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Unexpected exam figures among Highland pupils welcomed by Highland Council


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HIGHLAND pupils from the most disadvantaged backgrounds recorded a higher pass rate than those from the least deprived areas for the first time.

According to the 2021 SQA attainment report, 95.02 per cent of S4 pupils from the most deprived areas in Highland achieved an A-D pass at Level 5, compared to 94.18 per cent of those from the least deprived areas.

Education officers and councillors welcomed this progress, with some members suggesting that blended learning – a combination of remote online learning and classroom teaching – may have helped to level the playing field during the pandemic.

Councillor Linda Munro said she “wasn’t quite convinced” when she saw the emerging statistics, because it was counter-intuitive to expectations.

However, she was impressed by a visit to a high school in her ward.

She added: “They’re now looking at blended learning for their pupils who need additional support for learning. They find it less stressful and less difficult.”

Overall, the SQA results showed modest improvements in most areas, though education bosses cautioned against making comparisons until the full benchmarking data was available.

However, councillors observed that there were no great surprises in the results.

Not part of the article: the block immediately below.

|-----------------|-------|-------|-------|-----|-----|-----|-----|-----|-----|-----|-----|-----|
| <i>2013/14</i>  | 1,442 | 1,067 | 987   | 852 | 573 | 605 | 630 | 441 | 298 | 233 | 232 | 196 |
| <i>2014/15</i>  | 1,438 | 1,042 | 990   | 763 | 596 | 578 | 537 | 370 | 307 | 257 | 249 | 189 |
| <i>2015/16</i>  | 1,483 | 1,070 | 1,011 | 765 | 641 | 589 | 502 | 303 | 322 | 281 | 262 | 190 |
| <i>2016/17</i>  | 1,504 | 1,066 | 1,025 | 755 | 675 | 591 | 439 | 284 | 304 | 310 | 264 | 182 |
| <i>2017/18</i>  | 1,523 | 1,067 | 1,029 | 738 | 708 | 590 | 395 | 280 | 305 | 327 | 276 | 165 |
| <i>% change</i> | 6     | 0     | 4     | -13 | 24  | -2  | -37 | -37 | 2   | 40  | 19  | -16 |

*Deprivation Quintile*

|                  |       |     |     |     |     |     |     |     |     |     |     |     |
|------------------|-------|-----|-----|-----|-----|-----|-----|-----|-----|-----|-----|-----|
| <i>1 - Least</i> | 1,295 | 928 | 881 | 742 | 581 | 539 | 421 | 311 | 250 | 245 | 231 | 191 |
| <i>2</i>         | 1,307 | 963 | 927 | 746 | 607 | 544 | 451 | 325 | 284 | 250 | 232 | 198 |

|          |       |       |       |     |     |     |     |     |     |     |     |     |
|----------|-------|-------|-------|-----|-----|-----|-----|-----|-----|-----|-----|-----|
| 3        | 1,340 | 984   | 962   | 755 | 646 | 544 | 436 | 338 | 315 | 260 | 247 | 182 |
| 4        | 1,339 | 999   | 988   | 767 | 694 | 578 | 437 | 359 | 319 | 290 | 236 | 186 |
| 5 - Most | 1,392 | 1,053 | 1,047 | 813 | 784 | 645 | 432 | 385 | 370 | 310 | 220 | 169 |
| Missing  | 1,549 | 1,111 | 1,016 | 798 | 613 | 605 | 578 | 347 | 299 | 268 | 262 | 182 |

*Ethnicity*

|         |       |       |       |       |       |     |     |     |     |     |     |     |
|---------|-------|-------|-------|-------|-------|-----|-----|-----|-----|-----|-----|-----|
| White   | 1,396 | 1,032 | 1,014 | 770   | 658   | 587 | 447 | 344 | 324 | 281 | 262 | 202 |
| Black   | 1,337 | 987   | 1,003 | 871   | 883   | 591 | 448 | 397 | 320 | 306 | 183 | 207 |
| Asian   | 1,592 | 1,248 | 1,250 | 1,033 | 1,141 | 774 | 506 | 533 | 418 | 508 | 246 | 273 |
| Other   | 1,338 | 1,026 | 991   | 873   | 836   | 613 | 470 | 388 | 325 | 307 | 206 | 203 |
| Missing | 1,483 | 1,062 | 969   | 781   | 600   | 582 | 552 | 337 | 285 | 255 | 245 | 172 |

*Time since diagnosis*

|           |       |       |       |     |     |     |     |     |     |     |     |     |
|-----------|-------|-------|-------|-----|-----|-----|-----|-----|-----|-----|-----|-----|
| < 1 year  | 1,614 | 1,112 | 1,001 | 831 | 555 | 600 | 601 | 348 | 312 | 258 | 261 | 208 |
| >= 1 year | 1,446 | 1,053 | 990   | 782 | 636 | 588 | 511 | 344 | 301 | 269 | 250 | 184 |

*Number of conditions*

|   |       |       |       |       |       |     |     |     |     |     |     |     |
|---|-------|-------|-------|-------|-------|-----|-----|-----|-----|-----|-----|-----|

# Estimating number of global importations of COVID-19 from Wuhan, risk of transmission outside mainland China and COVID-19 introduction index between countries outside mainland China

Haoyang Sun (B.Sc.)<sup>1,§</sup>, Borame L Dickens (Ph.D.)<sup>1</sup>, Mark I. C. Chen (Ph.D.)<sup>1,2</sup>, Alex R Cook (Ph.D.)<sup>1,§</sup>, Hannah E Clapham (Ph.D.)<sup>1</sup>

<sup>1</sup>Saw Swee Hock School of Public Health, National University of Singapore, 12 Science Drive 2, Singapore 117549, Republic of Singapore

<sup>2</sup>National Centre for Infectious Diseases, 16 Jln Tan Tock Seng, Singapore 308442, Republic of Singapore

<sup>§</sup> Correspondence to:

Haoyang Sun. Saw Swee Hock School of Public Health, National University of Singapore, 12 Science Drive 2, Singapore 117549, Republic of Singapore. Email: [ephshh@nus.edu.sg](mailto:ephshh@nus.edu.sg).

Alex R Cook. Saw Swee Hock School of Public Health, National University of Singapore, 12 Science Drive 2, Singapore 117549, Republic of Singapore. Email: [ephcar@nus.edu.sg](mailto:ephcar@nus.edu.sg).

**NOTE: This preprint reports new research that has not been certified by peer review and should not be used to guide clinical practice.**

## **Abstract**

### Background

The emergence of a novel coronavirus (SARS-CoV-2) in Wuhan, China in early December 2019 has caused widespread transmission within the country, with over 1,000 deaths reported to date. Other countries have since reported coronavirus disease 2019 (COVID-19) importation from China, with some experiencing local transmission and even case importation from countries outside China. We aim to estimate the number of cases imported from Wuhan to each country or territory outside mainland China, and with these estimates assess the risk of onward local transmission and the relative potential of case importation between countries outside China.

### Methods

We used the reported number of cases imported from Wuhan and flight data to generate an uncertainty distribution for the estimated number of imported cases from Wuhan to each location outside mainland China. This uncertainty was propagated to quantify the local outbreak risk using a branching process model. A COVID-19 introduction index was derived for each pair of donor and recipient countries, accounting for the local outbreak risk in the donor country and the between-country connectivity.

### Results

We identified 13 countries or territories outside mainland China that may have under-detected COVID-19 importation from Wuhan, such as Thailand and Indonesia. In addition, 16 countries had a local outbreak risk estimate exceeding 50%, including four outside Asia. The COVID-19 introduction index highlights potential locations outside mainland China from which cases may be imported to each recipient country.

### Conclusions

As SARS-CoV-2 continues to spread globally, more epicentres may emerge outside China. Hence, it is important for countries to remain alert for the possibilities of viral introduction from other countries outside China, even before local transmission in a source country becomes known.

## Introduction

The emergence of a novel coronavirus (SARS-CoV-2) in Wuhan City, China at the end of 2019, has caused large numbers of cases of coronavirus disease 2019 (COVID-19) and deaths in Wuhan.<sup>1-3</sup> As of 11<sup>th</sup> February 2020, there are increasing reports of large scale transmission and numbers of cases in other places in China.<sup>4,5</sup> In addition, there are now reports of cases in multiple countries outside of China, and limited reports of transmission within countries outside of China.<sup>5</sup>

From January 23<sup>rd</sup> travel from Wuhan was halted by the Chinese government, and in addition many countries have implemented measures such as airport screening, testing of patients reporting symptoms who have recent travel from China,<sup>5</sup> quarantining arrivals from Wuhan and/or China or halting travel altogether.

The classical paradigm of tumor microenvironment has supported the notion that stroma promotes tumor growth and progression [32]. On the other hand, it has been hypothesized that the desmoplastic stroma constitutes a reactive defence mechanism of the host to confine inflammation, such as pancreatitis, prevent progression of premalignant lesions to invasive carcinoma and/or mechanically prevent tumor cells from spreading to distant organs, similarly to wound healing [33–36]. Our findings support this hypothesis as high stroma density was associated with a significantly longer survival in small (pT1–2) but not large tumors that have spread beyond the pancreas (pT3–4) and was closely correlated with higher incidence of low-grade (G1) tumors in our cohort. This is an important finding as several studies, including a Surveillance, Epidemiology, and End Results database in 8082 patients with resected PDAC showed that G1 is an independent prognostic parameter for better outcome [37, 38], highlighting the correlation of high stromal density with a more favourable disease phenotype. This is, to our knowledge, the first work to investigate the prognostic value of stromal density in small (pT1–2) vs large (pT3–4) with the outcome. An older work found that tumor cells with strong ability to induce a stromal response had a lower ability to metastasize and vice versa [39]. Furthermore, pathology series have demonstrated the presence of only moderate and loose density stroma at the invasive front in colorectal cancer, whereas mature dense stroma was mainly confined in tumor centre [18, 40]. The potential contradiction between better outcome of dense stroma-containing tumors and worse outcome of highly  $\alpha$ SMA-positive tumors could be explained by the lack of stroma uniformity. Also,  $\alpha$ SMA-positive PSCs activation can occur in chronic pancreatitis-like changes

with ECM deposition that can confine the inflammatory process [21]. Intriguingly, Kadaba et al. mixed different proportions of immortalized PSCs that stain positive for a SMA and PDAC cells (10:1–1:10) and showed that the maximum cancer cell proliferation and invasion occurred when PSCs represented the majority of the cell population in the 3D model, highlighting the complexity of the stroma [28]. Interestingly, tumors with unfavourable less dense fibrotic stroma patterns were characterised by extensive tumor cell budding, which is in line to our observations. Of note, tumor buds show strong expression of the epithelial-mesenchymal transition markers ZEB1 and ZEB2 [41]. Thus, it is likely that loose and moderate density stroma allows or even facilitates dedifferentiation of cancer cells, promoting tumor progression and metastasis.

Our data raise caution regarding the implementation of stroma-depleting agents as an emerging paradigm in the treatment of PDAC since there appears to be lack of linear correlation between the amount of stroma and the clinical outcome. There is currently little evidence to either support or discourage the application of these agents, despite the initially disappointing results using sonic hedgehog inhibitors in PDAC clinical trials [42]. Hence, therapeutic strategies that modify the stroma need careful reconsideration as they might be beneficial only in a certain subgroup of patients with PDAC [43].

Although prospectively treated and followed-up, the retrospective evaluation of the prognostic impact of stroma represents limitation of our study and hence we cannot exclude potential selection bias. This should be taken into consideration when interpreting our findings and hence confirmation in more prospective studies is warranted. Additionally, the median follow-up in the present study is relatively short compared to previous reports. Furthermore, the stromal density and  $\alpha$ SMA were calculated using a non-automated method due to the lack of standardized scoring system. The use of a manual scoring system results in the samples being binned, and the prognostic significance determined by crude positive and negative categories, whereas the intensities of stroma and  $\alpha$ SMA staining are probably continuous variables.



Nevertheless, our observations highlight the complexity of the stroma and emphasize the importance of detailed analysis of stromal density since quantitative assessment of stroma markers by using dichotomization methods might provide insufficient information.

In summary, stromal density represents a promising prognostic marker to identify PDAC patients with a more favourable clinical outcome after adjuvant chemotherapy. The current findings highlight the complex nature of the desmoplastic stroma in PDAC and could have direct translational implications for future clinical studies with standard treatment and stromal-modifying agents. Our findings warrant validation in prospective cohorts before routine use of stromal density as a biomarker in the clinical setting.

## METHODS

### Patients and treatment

“I’m encouraged to see that these results are not widely out of sync,” said councillor Emma Knox.

“There’s been a lot of discourse in the media about grade inflation but from this report it looks like the ACM (alternative certification model) got it about right.”

Education officers agreed with councillor Andrew Baxter’s plea that the committee sees “both the light and the shade” in Highland attainment.

“Not only am I interested in closing the attainment gap here in Highland but we should be looking at how we close the attainment gap compared to the rest of Scotland as well,” he said.

“One of the fundamental problems is a lack of ambition within our communities, where in the past, children have been able to go into full-time employment… and that’s no longer necessarily the case. I’d like us to focus on those structural problems.”

Education executive chief officer Nicky Grant had highlighted earlier in the meeting that the number of school leavers moving on to positive destinations compared favourably with national figures, but that was set against a challenging set of circumstances for employers across Highland as the pandemic took its toll.

The council is working on providing more opportunities for young people to secure work and training.


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